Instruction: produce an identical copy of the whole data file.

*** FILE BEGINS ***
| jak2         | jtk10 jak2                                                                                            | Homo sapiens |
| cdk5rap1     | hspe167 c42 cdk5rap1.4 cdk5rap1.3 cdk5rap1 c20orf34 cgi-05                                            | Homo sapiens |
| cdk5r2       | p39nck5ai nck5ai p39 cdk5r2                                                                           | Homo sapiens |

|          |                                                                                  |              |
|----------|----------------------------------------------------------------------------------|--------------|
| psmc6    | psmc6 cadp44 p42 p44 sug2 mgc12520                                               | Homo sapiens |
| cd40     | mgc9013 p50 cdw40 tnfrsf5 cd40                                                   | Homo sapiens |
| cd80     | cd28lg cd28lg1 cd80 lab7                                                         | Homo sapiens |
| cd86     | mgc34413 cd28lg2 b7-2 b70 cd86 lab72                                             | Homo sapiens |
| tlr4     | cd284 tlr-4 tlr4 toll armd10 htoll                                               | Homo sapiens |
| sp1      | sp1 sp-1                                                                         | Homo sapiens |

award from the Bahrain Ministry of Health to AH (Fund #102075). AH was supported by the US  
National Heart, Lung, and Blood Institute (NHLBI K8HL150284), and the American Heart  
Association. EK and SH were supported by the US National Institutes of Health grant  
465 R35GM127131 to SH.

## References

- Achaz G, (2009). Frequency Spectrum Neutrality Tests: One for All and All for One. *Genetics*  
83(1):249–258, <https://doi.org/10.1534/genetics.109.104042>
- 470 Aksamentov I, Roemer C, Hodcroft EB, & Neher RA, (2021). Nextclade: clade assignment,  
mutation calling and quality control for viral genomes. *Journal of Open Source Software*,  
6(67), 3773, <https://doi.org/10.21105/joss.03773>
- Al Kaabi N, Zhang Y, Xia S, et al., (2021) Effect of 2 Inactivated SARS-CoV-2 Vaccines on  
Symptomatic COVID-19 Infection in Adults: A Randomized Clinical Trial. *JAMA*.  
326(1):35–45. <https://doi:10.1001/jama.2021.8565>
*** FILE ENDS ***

| jak2         | jtk10 jak2                                                                                            | Homo sapiens |
| cdk5rap1     | hspe167 c42 cdk5rap1.4 cdk5rap1.3 cdk5rap1 c20orf34 cgi-05                                            | Homo sapiens |
| cdk5r2       | p39nck5ai nck5ai p39 cdk5r2                                                                           | Homo sapiens |

|          |                                                                                  |              |
|----------|----------------------------------------------------------------------------------|--------------|
| psmc6    | psmc6 cadp44 p42 p44 sug2 mgc12520                                               | Homo sapiens |
| cd40     | mgc9013 p50 cdw40 tnfrsf5 cd40                                                   | Homo sapiens |
| cd80     | cd28lg cd28lg1 cd80 lab7                                                         | Homo sapiens |
| cd86     | mgc34413 cd28lg2 b7-2 b70 cd86 lab72                                             | Homo sapiens |
| tlr4     | cd284 tlr-4 tlr4 toll armd10 htoll                                               | Homo sapiens |
| sp1      | sp1 sp-1                                                                         | Homo sapiens |

award from the Bahrain Ministry of Health to AH (Fund #102075). AH was supported by the US  
National Heart, Lung, and Blood Institute (NHLBI K8HL150284), and the American Heart  
Association. EK and SH were supported by the US National Institutes of Health grant  
465 R35GM127131 to SH.

## References

- Achaz G, (2009). Frequency Spectrum Neutrality Tests: One for All and All for One. *Genetics*  
83(1):249–258, <https://doi.org/10.1534/genetics.109.104042>
- 470 Aksamentov I, Roemer C, Hodcroft EB, & Neher RA, (2021). Nextclade: clade assignment,  
mutation calling and quality control for viral genomes. *Journal of Open Source Software*,  
6(67), 3773, <https://doi.org/10.21105/joss.03773>
- Al Kaabi N, Zhang Y, Xia S, et al., (2021) Effect of 2 Inactivated SARS-CoV-2 Vaccines on  
Symptomatic COVID-19 Infection in Adults: A Randomized Clinical Trial. *JAMA*.  
326(1):35–45. <https://doi:10.1001/jama.2021.8565>